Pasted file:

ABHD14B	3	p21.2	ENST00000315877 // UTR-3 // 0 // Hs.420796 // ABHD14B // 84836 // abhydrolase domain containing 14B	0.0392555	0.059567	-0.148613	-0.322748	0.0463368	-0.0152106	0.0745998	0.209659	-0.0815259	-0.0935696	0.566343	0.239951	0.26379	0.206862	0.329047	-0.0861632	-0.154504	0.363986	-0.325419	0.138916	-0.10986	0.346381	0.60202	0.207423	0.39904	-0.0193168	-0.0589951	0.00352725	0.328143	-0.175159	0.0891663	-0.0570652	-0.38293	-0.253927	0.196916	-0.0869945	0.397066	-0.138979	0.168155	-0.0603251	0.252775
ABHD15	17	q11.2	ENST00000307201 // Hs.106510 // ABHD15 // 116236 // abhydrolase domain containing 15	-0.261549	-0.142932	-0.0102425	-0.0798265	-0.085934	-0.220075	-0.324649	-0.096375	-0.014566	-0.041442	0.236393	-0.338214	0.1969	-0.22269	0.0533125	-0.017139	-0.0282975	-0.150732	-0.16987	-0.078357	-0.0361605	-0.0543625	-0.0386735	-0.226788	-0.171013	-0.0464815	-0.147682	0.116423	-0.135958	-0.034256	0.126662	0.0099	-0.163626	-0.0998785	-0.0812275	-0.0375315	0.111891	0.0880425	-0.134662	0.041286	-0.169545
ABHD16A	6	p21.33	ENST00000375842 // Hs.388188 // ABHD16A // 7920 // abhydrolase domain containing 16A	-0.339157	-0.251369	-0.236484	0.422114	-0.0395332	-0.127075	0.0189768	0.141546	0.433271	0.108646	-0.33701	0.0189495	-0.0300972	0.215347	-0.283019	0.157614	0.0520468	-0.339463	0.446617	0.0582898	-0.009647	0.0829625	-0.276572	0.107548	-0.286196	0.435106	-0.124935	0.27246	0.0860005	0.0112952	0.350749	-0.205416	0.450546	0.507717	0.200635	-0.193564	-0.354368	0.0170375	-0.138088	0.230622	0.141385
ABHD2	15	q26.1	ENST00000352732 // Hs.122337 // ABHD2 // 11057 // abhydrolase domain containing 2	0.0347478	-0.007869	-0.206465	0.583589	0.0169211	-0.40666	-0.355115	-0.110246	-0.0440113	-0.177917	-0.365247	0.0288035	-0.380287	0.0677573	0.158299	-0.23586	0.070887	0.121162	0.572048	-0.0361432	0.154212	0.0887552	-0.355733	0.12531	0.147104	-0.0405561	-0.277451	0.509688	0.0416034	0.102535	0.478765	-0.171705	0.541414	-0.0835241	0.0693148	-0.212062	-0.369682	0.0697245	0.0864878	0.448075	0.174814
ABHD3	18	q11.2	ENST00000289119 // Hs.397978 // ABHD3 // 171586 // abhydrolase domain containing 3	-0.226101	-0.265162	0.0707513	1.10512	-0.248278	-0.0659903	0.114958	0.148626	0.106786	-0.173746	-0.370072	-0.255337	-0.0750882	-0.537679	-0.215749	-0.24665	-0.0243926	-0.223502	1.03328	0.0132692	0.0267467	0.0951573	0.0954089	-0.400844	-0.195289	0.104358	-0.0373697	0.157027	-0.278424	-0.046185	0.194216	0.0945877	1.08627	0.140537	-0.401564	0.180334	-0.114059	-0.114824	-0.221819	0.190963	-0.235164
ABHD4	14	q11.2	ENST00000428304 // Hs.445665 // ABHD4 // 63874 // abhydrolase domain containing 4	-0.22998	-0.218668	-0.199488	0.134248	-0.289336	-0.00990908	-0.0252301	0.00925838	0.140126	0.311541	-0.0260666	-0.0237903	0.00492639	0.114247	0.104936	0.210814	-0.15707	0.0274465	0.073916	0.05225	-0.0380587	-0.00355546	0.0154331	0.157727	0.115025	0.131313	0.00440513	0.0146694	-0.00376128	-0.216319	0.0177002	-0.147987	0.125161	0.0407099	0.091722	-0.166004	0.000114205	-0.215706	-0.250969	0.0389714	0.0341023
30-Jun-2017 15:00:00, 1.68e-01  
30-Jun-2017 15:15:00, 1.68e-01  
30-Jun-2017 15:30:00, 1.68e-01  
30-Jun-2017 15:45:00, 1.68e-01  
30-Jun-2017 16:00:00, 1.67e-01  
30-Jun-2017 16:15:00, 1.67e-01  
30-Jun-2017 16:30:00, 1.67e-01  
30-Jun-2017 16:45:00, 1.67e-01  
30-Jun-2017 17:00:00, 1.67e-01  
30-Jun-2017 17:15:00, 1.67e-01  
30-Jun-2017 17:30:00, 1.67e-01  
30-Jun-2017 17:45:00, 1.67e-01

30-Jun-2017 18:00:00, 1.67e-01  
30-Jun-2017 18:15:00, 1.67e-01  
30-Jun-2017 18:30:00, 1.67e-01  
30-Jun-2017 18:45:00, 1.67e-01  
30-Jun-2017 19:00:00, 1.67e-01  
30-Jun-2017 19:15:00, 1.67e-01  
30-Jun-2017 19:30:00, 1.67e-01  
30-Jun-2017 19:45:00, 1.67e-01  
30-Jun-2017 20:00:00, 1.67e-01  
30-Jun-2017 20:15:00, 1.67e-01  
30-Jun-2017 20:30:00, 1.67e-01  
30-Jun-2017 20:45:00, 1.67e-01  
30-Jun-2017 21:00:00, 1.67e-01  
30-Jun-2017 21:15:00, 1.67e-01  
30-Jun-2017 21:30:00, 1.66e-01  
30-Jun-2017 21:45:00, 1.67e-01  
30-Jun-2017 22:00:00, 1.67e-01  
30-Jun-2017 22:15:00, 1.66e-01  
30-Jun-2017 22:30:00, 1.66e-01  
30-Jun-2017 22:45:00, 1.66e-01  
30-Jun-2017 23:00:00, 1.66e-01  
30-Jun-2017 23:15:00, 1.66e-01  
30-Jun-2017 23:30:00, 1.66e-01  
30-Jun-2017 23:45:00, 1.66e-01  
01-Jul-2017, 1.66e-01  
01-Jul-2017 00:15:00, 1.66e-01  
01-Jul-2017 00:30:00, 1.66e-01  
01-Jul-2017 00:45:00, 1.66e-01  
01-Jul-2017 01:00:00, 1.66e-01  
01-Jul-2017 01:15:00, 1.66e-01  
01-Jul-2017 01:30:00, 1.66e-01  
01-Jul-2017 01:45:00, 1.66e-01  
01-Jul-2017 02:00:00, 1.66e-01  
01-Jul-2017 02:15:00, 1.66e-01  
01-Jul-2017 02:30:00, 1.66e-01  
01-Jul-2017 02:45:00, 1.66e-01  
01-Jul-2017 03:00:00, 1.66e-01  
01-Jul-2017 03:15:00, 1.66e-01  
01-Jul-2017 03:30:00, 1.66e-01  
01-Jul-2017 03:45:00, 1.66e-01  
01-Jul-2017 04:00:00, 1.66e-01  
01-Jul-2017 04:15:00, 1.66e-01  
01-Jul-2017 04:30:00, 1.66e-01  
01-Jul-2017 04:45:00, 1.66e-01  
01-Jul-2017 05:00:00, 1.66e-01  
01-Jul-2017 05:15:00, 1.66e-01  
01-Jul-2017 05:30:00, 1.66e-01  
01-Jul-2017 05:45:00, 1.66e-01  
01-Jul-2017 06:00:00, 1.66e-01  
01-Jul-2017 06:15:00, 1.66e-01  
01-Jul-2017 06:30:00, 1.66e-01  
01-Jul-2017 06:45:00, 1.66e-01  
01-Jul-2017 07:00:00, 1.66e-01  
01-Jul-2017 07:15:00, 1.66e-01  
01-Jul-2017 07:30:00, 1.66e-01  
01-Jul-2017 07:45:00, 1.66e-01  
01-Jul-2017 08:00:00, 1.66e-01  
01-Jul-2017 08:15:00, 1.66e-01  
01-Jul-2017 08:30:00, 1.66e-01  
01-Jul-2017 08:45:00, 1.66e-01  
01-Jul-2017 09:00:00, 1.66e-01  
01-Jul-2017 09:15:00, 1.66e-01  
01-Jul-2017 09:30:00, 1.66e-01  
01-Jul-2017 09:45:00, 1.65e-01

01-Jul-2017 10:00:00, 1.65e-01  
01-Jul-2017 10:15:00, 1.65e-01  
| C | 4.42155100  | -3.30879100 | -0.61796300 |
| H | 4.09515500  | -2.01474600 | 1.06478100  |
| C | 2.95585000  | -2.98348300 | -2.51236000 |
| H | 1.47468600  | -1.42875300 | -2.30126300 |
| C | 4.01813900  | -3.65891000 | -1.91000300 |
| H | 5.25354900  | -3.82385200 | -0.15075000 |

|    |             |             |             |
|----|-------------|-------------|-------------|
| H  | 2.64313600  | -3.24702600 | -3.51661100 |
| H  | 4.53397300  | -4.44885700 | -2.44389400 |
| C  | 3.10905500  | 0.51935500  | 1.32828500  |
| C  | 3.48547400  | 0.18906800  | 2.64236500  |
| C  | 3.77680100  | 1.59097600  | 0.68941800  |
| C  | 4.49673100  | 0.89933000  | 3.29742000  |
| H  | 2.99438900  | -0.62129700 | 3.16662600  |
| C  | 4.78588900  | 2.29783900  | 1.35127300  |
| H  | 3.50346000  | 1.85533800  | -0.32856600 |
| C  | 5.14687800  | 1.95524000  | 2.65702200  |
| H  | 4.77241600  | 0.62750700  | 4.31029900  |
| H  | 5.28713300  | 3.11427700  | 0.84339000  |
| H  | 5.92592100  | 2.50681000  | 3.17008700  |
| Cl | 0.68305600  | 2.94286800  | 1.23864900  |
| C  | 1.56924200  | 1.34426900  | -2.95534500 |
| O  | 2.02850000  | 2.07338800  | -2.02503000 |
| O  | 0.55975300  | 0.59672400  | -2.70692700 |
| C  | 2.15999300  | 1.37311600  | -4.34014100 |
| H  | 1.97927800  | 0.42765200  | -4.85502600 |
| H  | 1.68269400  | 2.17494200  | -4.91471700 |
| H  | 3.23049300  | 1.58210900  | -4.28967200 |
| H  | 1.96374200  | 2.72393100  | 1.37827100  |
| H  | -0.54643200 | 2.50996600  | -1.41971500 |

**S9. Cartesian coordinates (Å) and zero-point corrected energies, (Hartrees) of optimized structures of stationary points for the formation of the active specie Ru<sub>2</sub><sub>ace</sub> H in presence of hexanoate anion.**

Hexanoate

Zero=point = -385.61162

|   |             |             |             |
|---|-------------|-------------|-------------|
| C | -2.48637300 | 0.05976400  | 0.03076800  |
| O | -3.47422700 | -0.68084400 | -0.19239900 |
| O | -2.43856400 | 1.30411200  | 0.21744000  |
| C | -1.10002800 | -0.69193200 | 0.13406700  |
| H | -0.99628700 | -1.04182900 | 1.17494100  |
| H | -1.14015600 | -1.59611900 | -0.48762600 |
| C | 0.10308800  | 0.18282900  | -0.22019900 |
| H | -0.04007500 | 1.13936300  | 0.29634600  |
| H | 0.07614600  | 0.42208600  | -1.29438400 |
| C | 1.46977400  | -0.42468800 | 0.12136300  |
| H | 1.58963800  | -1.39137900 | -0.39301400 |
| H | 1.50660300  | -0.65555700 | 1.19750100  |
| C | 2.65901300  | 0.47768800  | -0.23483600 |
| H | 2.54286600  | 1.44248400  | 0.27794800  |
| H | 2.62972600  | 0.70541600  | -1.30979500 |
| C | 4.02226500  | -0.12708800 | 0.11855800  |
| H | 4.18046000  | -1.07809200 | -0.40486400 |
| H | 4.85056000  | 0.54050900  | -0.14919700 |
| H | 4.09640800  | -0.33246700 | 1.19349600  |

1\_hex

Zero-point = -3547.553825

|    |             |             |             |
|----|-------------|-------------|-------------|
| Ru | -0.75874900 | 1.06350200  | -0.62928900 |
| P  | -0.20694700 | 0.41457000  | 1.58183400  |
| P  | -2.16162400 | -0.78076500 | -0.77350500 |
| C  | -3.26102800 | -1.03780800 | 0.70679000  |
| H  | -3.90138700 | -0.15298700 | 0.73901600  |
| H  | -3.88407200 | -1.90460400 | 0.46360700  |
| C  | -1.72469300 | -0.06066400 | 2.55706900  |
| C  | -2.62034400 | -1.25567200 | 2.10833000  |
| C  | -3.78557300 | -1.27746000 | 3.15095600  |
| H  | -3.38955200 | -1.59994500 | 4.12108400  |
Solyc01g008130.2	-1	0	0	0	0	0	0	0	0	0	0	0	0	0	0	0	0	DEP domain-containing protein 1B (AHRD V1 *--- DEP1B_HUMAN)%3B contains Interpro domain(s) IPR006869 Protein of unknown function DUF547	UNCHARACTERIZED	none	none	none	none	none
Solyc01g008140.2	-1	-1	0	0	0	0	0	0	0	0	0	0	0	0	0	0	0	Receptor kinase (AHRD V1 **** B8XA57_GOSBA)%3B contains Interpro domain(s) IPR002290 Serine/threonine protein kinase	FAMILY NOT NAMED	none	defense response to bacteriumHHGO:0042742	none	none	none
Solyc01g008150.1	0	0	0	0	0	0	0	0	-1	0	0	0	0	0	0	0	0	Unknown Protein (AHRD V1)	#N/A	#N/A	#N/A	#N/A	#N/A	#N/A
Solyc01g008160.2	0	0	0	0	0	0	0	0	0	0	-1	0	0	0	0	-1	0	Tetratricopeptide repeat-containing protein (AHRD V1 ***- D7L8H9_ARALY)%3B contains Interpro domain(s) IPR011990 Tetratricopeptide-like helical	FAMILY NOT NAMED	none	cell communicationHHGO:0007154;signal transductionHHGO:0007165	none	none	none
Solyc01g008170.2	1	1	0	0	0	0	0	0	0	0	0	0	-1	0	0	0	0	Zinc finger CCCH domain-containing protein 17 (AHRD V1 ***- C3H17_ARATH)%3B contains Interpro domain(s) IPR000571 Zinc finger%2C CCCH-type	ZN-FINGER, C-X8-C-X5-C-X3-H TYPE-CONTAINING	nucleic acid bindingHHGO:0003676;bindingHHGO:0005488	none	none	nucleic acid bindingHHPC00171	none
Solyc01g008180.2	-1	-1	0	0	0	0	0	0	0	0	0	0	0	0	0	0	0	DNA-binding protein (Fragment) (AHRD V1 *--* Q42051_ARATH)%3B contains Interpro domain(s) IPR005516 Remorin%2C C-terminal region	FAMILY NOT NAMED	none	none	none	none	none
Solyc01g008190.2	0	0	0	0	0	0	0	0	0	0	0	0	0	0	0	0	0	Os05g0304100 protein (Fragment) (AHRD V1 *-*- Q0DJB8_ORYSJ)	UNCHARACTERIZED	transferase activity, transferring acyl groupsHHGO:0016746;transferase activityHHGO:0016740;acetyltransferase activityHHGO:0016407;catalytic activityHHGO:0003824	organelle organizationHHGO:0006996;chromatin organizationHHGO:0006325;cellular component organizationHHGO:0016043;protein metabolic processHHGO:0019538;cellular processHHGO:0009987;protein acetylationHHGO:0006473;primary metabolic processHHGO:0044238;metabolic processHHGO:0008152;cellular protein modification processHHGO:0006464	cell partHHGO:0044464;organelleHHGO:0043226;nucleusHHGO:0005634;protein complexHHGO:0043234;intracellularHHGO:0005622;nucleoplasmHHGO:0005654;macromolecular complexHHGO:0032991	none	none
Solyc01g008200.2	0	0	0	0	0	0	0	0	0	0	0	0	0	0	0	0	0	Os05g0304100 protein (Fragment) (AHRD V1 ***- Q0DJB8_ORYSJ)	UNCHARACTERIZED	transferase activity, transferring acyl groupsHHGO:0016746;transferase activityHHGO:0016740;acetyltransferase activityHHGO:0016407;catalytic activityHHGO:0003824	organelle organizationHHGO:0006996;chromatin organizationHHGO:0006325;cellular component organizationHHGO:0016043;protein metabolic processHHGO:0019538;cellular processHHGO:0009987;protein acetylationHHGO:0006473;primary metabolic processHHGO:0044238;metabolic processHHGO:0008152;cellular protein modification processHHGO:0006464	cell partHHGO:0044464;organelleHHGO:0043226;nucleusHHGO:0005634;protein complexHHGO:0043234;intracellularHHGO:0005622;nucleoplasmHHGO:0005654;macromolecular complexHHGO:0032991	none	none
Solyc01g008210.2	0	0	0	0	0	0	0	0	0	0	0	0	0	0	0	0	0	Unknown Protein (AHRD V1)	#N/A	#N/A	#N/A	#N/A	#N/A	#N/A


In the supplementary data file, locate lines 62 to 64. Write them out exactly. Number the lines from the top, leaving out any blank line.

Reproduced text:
01-Jul-2017 04:45:00, 1.66e-01  
01-Jul-2017 05:00:00, 1.66e-01  
01-Jul-2017 05:15:00, 1.66e-01  